At 20, U2 has reached the age when most bands start either disintegrating, or playing to large crowds with lessening expectations. Not so with the boys from Dublin. Trading in the earnest sensibilities of their first decade for the jaded grooves and European stylings of their second, they found new life in the restless sturm und drang of dance club synth. And just when it looked like they had no new territory to cover, they come out with All That You Can't Leave Behind, their strongest album since 1991's Achtung, Baby.
If the band is leaving anything behind this time around, it's the self-consciousness that has clouded much of their previous work. All That You Can't Leave Behind is one of the most sheerly enjoyable U2 albums thus far. "Elevation" is a fiery little number that will have you reaching for the repeat button more than a few times. With sizzling hooks and the Edge's familiar rattle and hum on guitar, not to mention lyrics like a Dr. Seuss book for libidinal adults, "Elevation" emerges as "Mysterious Ways" with a hormonal kick. Violins lead into the melancholy of "Kite," a richly layered look into a relationship's falling apart. The longing of earlier albums continues on the rasping R & amp;B plea "In a Little While," and continues straight through the resonant "New York," which brings to mind both Leonard Cohen and early U2 in a quicksilver exultation of sound. A must for U2 fans, even those that have fallen away.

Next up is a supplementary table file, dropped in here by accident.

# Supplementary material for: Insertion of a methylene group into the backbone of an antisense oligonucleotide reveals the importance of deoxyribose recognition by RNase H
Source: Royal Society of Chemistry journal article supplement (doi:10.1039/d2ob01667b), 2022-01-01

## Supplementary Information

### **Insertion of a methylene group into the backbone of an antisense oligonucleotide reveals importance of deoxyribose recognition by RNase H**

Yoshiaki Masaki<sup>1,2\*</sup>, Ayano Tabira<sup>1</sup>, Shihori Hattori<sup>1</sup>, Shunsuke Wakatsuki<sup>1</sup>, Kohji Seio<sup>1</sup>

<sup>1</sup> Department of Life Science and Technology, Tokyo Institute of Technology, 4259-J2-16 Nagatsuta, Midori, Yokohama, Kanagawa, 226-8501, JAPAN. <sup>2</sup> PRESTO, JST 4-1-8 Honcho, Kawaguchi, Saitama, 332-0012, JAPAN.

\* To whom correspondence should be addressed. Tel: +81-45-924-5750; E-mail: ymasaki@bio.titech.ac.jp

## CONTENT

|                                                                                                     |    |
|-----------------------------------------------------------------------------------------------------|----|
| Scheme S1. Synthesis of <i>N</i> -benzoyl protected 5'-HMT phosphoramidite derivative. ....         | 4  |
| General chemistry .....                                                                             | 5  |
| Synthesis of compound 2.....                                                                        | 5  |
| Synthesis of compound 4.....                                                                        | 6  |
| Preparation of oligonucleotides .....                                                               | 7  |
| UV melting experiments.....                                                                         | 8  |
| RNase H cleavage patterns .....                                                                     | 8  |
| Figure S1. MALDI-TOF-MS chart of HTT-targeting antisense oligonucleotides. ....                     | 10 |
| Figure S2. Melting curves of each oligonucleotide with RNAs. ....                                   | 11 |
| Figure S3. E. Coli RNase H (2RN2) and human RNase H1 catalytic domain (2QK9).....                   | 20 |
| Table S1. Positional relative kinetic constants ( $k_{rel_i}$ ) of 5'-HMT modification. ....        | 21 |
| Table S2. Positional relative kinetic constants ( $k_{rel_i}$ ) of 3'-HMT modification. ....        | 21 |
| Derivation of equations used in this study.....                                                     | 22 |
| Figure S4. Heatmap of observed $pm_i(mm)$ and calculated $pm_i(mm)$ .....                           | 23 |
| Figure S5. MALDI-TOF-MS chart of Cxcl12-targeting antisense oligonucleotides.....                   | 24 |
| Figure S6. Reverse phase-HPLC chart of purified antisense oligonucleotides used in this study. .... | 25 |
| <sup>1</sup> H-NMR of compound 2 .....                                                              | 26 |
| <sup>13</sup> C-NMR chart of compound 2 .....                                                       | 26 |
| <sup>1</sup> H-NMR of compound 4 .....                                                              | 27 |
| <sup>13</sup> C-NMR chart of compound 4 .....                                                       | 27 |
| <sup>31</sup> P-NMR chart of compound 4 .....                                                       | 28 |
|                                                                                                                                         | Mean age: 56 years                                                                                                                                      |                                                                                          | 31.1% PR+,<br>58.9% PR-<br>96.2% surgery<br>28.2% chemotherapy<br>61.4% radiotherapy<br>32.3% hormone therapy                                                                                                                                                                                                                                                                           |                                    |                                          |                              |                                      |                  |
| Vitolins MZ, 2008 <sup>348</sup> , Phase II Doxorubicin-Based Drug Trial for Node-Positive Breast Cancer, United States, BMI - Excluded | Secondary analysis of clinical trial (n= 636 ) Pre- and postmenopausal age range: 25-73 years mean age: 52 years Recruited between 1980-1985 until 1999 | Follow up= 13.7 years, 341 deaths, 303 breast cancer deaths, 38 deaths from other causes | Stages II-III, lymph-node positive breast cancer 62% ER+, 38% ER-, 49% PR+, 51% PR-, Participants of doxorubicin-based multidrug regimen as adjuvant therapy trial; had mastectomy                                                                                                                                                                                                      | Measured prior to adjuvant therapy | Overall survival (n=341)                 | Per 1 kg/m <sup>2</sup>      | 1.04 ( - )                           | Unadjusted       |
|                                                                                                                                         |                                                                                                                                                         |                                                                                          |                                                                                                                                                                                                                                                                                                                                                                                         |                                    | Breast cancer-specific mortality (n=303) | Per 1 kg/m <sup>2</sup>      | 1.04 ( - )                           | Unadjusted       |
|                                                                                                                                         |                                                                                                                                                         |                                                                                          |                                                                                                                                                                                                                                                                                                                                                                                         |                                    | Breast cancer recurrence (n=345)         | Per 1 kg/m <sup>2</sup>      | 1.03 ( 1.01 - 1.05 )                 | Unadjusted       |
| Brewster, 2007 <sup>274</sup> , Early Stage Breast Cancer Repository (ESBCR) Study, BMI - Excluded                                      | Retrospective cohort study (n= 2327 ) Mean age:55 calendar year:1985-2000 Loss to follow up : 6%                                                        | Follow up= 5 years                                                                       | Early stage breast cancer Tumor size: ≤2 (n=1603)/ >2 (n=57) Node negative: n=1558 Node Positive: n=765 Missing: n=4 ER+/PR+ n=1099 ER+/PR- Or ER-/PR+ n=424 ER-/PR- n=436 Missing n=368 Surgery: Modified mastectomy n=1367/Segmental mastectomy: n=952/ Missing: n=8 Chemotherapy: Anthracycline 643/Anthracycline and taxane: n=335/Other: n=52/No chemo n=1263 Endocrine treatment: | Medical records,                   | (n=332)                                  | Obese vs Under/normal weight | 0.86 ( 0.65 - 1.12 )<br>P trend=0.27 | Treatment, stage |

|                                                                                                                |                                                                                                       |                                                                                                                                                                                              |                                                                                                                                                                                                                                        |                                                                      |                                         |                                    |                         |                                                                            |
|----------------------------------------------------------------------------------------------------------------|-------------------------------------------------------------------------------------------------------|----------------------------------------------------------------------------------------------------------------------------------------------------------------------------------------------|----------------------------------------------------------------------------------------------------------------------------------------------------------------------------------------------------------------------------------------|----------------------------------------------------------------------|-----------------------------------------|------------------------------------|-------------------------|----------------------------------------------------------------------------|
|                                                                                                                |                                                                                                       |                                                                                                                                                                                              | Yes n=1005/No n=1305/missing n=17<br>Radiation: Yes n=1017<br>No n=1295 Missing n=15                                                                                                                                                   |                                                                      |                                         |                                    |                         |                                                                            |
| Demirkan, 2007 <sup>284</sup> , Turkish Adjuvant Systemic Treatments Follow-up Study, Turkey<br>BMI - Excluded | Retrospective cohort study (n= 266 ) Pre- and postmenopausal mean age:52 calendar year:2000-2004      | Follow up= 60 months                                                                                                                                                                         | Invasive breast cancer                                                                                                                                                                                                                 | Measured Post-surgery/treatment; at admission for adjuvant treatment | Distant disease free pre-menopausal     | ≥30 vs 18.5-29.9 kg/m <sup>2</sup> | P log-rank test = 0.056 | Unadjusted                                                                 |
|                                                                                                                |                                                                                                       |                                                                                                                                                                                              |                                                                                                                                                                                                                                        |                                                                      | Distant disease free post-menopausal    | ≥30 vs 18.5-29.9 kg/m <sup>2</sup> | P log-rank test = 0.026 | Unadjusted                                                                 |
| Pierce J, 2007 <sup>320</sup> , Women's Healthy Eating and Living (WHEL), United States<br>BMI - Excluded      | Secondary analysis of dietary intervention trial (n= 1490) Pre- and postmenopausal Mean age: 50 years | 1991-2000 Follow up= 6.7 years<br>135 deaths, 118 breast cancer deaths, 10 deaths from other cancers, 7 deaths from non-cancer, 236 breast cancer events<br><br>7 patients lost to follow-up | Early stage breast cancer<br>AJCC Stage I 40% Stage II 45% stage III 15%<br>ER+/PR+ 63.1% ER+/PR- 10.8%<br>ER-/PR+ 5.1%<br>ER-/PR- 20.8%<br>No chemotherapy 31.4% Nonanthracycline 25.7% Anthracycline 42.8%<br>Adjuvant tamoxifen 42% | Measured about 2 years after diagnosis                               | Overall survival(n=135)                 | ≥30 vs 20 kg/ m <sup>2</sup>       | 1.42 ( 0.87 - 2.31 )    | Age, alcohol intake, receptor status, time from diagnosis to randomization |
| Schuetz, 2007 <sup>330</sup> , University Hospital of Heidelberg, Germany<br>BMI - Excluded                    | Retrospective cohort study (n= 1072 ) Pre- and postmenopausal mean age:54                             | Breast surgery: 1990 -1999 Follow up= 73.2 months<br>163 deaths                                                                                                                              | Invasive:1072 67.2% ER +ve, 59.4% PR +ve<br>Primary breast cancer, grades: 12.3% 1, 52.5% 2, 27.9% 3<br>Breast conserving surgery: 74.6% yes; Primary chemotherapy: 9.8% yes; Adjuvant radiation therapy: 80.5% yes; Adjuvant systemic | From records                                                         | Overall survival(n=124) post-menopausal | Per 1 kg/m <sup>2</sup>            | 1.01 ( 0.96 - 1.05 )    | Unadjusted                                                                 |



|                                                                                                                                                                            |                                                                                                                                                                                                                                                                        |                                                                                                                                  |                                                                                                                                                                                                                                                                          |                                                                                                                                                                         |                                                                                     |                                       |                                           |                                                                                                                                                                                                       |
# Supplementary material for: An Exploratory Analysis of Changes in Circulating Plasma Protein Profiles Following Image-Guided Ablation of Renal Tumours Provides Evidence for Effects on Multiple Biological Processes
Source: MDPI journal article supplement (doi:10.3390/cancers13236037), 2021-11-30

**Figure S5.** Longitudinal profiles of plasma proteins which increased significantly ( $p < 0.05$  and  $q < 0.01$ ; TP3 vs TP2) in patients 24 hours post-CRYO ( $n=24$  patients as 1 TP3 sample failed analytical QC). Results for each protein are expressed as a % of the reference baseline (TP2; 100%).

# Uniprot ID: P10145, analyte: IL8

All the farms I remember from growing up in North Idaho and Eastern Washington were not what you'd call stylish. In fact, what I do remember are blocky sofas covered in that ubiquitous mauve upholstery, copper Jell-O molds lining the kitche
First things first. Author Claire Rudolf Murphy has it on good authority that "Sacajawea" is pronounced the way we've always done it here in the Inland Northwest. Soft "j" sound, accents on the first and fourth syllables. Of course now, his